* FLAVOURING: My favourite flavouring to use is pure vanilla extract, lemon emulsion, orange emulsion, or orange blossom water. Experiment with different extracts, emulsions, and other flavouring combinations - just make sure that the flavourings you use are water or alcohol based and avoid anything oil based.
* EXTRA ZIP: Try using fresh sieved (to get rid of seeds and pulp) lemon juice in place of some of half or all the water in the recipe - it adds a nice tangy zip!
* MIXING: Do not over-mix your royal icing - it only needs a few minutes to mix on medium speed until it is white and glossy. If you mix it too long, the royal icing will become full of air bubbles.
* CONSISTENCY: To get the consistency of icing that you need, add more water for a thinner icing, and add more icing sugar for a thicker icing. As a general rule of thumb, my flooding icing is usually the consistency of school glue, and my piping/outling icing is usually the consistency of toothpaste. For "one consistency", also known as medium consistency or 20 or 15 second icing, it's somewhere between a flood and outline consistency. It can be tricky to master, but it can be a mega time saver.
* DECORATIONS: For decorations that need to hold their shape well, such as flowers, ruffles, etc. you'll need a very stiff consistency icing. I'm talkin' drywall compound thickness, here. Super thick!
* STORING: Royal icing starts to dry very quickly. When mixing up your colours, always keep a piece of cling wrap tightly over the top of the bowl or store in an air tight container.
* LEFTOVERS: Have leftovers? I like to scoop my royal icing onto pieces of plastic wrap, wrap them up tightly, and freeze them in a freezer bag or air tight container for future use.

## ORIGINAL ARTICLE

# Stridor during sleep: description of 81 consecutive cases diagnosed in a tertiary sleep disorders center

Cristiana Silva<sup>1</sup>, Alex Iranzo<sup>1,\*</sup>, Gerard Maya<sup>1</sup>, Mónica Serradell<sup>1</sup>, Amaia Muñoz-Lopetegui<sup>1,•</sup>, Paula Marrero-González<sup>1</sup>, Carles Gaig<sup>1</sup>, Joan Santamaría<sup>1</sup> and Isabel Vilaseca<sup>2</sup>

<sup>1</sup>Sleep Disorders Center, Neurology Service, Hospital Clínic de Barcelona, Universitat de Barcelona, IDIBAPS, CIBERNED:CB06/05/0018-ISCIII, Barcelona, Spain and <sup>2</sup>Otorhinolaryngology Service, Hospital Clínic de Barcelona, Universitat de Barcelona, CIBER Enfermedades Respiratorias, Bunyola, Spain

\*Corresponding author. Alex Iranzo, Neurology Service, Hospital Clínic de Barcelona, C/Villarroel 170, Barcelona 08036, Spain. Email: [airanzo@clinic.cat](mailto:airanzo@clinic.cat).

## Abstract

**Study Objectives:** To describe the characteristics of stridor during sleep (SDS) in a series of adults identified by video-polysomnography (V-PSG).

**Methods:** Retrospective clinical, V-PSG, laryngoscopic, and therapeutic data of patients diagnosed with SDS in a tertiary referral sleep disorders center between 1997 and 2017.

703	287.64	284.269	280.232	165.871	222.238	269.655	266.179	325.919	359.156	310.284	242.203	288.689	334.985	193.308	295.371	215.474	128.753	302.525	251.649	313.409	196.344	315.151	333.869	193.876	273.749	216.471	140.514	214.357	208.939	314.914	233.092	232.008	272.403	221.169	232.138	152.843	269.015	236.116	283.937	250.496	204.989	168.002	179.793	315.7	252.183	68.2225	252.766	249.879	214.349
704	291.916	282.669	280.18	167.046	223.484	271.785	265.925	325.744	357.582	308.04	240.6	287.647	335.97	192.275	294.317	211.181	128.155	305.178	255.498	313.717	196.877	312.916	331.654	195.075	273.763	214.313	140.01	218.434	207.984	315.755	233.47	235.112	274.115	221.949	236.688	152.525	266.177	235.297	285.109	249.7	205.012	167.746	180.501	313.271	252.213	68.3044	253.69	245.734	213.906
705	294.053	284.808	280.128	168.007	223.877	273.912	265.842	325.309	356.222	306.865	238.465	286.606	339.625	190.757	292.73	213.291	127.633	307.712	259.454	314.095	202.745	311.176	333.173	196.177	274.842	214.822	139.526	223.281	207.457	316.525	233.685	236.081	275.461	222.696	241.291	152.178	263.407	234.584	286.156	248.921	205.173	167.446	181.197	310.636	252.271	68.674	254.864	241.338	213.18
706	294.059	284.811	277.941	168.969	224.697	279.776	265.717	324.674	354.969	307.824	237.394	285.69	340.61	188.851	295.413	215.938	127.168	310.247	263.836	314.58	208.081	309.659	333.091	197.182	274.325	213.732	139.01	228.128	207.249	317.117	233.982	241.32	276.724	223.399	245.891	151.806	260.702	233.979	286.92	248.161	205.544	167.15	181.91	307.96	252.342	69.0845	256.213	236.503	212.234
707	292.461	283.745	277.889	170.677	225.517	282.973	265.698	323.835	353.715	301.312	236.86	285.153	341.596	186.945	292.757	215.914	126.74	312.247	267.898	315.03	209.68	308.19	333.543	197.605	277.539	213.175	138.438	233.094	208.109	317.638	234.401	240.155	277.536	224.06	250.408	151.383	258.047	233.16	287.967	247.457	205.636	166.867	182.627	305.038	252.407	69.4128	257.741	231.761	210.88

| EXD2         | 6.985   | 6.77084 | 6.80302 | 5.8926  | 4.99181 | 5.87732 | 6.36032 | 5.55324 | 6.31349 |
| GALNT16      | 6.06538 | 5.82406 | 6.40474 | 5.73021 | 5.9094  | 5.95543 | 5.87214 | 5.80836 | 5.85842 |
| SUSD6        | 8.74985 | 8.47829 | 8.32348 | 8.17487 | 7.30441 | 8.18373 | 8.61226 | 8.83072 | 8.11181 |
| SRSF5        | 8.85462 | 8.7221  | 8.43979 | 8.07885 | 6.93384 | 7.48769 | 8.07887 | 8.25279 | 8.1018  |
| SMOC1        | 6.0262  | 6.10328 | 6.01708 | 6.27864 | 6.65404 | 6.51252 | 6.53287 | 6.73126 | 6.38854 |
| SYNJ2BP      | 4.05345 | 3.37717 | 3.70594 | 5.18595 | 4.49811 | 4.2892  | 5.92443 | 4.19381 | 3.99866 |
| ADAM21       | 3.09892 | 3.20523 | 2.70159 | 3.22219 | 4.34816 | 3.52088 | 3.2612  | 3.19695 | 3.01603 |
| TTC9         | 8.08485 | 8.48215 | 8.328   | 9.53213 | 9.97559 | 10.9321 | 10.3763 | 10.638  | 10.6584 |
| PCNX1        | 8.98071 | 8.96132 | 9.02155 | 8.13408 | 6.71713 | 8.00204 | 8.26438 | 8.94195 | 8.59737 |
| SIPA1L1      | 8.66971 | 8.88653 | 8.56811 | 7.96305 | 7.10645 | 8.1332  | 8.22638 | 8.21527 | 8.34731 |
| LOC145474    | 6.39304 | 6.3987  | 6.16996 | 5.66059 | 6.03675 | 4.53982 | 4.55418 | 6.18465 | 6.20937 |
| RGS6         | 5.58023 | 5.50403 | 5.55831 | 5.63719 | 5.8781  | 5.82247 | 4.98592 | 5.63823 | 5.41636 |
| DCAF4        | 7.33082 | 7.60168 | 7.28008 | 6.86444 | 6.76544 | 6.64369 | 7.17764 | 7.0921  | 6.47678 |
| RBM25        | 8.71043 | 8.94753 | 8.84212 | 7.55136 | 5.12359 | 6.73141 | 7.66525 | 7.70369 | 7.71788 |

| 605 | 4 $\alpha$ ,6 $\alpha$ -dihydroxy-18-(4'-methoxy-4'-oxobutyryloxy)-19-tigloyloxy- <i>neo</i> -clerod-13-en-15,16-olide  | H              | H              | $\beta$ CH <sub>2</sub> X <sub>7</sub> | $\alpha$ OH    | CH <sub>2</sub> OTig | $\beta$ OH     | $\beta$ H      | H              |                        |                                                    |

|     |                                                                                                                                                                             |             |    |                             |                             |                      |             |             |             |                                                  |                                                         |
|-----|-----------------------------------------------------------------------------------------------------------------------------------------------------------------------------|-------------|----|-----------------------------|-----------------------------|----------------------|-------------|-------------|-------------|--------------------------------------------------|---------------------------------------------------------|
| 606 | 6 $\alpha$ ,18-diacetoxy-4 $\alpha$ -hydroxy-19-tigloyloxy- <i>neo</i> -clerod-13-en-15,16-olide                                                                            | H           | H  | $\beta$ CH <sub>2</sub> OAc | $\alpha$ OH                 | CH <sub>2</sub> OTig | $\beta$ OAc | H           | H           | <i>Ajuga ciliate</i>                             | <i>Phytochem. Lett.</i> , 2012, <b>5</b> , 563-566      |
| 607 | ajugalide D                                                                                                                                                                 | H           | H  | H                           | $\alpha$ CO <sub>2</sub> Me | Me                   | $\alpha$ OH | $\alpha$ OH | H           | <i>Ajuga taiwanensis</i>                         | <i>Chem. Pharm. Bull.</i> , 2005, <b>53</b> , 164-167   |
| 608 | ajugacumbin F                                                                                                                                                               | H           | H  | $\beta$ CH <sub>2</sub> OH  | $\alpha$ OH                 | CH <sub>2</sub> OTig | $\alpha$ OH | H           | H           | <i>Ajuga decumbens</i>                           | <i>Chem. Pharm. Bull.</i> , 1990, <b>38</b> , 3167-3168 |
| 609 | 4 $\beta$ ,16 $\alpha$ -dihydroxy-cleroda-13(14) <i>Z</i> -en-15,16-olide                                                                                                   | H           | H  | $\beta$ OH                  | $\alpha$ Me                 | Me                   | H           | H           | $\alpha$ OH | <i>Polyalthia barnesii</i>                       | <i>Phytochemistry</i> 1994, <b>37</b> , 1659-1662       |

* DRYING: Depending on your location, heat and humidity play a big part in drying time. I often dry my cookie icing for atleast 24-36 hours before packaging them.
* SHINE: A fan blowing directly at your cookies on low-medium speed will give your icing a nice subtle sheen. An air purifier is even better, as it filters out any dust in the air that can possibly get onto your cookies.
* COLOURING YOUR ICING: The best way to colour your icing, hands down, is gel dye. Popular brands include Wilton, Pro Gel (by Rainbow Dust), Chef Master, and AmeriColor - my personal favourite is Chef Master and AmeriColor - their gel colours are very concentrated and a little goes a long way. Powdered pigments are becoming increasingly popular, such as The Sugar Art Master Elite brand.
* SPRINKLES AND DECORATIONS: Always look for keywords on your sprinkles and other decorations - quite often they will say things like "non-toxic", but there are times where decorations and sprinkles are just for looks - it'll often say this on the container. Either don't add these to your cookies for decoration, or make sure that people know that they are for show only. Only use "edible" decorations on your cookies if you intend for them to be consumed. When in doubt, don't add them to your cookie at all, and always make sure to read labels.
Decorating Materials: The Basics
TIPLESS PIPING BAGS: I like to use disposable piping bags for my icing because you can see through them and it's a lot less to wash. And if you happen to use your piping bags for other things like buttercream, you won't run into any issues with greasy piping bags, which can be a problem for royal icing. Truly Mad Plastics is a great brand.
COUPLERS: I have a lot of couplers. These are used in your piping bags to attach your icing tip. I prefer the Ateco brand.